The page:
CHICAGO— Avoiding gluten is a worldwide phenomenon, but the reasons why people do so vary, a new study finds. And in the United States, it's more common for people to say that they avoid the protein because they have a gluten sensitivity, compared with other countries.
People with celiac disease can't digest gluten normally. When they eat it, the protein prompts the immune system to attack the small intestine, leading to problems such as diarrhea, bloating and weight loss. People with gluten sensitivity experience abdominal pain or other symptoms when they eat gluten, but they do not test positive for celiac disease in lab tests.
In the new study, researchers found that people in U.S. reported the highest relative rates of avoiding gluten because of gluten sensitivity compared with the rates of avoiding it due to celiac disease: 30 percent of the Americans in the study said that gluten sensitivity was the reason they avoided the protein, according to the study, which was presented here Sunday (May 7) at Digestive Disease Week, a scientific meeting focused on digestive diseases. [5 Ways Gut Bacteria Affect Your Health]
Those numbers mean that 70 percent of Americans surveyed who avoided gluten did so because of celiac disease. In all other countries surveyed, higher percentages of people avoided gluten due to the disease and lower percentages avoided the protein due to gluten sensitivity, the researchers found.
In the study, the researchers surveyed more than 9,000 people in more than 70 countries who said that they were interested a purchasing a device that detected gluten. The people filled out a questionnaire that asked why they avoided gluten and if they also avoided other types of food.
All of the people in the study avoided gluten. Nearly 6,500 said they did so because of celiac disease, and more than 2,500 said they avoided gluten because of a gluten sensitivity.
There were big differences in the relative rates of reported celiac disease compared with gluten sensitivity in the countries and regions surveyed, said lead study author Haley Zylberberg, a research fellow at the Celiac Disease Center at Columbia University in New York City.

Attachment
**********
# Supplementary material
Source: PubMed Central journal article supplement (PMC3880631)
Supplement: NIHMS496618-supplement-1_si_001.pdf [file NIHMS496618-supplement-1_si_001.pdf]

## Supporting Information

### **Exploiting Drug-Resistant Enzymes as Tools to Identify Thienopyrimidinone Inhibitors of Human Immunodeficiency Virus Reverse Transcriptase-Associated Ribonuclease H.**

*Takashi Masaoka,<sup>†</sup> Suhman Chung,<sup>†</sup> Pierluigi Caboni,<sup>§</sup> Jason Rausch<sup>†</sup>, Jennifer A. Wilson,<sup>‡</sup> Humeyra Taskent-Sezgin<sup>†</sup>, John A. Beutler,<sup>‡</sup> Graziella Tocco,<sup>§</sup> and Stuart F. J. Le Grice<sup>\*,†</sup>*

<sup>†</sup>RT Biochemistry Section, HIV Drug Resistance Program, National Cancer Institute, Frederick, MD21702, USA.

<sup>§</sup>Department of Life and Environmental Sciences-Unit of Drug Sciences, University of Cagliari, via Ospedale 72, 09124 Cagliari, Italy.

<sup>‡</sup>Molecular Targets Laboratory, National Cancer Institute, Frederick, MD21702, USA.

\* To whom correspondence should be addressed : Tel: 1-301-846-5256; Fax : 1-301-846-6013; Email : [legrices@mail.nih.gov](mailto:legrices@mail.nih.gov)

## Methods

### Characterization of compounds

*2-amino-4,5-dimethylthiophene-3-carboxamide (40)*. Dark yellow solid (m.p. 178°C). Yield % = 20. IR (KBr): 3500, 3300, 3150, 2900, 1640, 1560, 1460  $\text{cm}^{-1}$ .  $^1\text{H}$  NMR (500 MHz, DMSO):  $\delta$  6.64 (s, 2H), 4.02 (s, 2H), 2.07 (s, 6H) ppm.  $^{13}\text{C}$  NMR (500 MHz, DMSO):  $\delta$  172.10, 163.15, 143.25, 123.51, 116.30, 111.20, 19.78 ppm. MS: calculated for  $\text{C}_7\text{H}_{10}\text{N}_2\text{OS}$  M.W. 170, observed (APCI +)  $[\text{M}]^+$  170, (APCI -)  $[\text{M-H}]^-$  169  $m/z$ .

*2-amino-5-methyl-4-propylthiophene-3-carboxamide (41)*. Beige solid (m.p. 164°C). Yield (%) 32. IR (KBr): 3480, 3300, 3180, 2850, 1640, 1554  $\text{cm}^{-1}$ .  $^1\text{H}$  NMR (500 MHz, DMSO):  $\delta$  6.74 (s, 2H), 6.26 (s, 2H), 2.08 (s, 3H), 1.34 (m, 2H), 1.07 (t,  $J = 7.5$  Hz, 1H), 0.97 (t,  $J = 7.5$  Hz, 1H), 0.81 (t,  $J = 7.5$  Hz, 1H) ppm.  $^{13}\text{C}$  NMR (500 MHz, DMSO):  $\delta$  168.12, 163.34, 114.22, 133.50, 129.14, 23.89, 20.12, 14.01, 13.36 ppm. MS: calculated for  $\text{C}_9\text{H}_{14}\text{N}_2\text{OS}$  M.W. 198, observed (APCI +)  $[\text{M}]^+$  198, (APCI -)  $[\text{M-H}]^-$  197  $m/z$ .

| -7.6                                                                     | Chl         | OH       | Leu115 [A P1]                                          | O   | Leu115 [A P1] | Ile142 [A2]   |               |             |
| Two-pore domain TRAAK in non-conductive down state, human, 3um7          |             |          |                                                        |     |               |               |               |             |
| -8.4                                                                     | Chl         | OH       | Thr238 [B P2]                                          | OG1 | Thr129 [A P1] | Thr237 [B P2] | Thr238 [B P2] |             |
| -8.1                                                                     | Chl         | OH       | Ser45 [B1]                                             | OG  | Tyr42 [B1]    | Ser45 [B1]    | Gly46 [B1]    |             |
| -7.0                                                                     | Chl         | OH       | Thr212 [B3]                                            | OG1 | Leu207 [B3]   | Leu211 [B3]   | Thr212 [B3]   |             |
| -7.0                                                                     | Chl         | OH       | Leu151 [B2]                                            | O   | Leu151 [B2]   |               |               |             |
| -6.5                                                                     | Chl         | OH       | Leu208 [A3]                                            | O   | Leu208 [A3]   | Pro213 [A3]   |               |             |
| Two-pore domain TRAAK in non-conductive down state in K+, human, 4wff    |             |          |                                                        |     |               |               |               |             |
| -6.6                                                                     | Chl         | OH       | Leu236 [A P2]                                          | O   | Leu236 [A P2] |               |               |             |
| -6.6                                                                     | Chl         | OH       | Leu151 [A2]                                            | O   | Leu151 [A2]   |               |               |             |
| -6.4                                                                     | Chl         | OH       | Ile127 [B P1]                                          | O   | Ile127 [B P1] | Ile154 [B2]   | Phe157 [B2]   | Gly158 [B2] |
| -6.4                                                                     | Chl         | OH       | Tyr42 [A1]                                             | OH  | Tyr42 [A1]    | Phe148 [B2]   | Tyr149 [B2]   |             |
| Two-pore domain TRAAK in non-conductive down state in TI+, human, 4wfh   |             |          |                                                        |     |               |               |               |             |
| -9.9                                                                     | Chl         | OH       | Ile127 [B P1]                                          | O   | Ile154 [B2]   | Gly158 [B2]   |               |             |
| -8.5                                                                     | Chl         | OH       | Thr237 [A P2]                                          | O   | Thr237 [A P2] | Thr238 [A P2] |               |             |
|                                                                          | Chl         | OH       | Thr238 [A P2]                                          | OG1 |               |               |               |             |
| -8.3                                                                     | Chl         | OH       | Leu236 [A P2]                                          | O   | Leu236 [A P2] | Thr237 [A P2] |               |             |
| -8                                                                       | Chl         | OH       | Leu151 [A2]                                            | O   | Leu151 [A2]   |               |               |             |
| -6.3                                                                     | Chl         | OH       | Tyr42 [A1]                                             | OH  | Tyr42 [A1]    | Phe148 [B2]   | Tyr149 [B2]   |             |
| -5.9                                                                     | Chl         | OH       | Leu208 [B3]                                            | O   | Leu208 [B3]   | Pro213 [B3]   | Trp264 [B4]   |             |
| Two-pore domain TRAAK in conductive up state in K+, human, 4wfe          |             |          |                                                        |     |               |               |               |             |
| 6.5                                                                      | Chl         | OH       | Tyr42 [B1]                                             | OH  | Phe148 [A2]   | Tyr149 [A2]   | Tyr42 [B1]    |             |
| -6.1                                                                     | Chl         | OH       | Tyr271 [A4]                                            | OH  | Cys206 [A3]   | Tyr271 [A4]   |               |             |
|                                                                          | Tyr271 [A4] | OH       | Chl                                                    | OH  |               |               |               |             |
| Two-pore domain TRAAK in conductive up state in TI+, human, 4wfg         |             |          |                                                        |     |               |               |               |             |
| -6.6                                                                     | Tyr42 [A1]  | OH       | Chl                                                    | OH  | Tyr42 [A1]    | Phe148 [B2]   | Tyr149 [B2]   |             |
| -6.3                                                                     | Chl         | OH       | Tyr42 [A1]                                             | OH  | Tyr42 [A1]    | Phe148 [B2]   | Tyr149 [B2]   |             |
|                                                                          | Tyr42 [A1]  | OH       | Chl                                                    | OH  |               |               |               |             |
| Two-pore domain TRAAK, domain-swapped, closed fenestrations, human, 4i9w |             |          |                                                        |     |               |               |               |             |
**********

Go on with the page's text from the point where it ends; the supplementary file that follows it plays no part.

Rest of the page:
In Argentina, for example, the relative rates of gluten sensitivity were significantly lower than in the United States, with only 5 percent of the Argentinians in the survey saying that this was their reason for avoiding the protein. The vast majority of Argentinians (95 percent) in the survey said they avoided gluten because of celiac disease, the researchers found.
Within the U.S., the relative rates of reported gluten sensitivity compared with celiac disease also varied, the researchers found. In the western U.S., these rates were highest, with 33 percent of people saying they followed a gluten-free diet because of gluten sensitivity. In the Northeast, the rates were lowest: 26 percent of the people in the study from that region said they had a gluten sensitivity.
In addition, the researchers found that one-quarter of participants who said they avoided gluten (for either reason) also said they avoided at least one food that did not contain gluten, such as eggs, dairy, shellfish, soy or tree nuts. It was more likely for people who reported a gluten sensitivity to say they avoided any of these foods than it was for people who reported celiac disease. [9 Weirdest Allergies]
More research needs to be done on why people avoid gluten, Zylberberg told Live Science. For example, it's possible that food avoidance is a more common component of gluten sensitivity than celiac disease is, Zylberberg said. And more questions need to be asked, Zylberberg said, including, whether avoiding gluten helps people who have gluten sensitivity and whether avoiding other foods also benefits this group.
It's possible that people avoid gluten because they are simply following health trends, such as gluten-free diets, and avoiding other foods, too, Zylberberg added. They may think that avoiding gluten is healthier, even though it's well-known that gluten isn't bad for people who don't have celiac disease or a gluten sensitivity, she said.
Originally published on Live Science.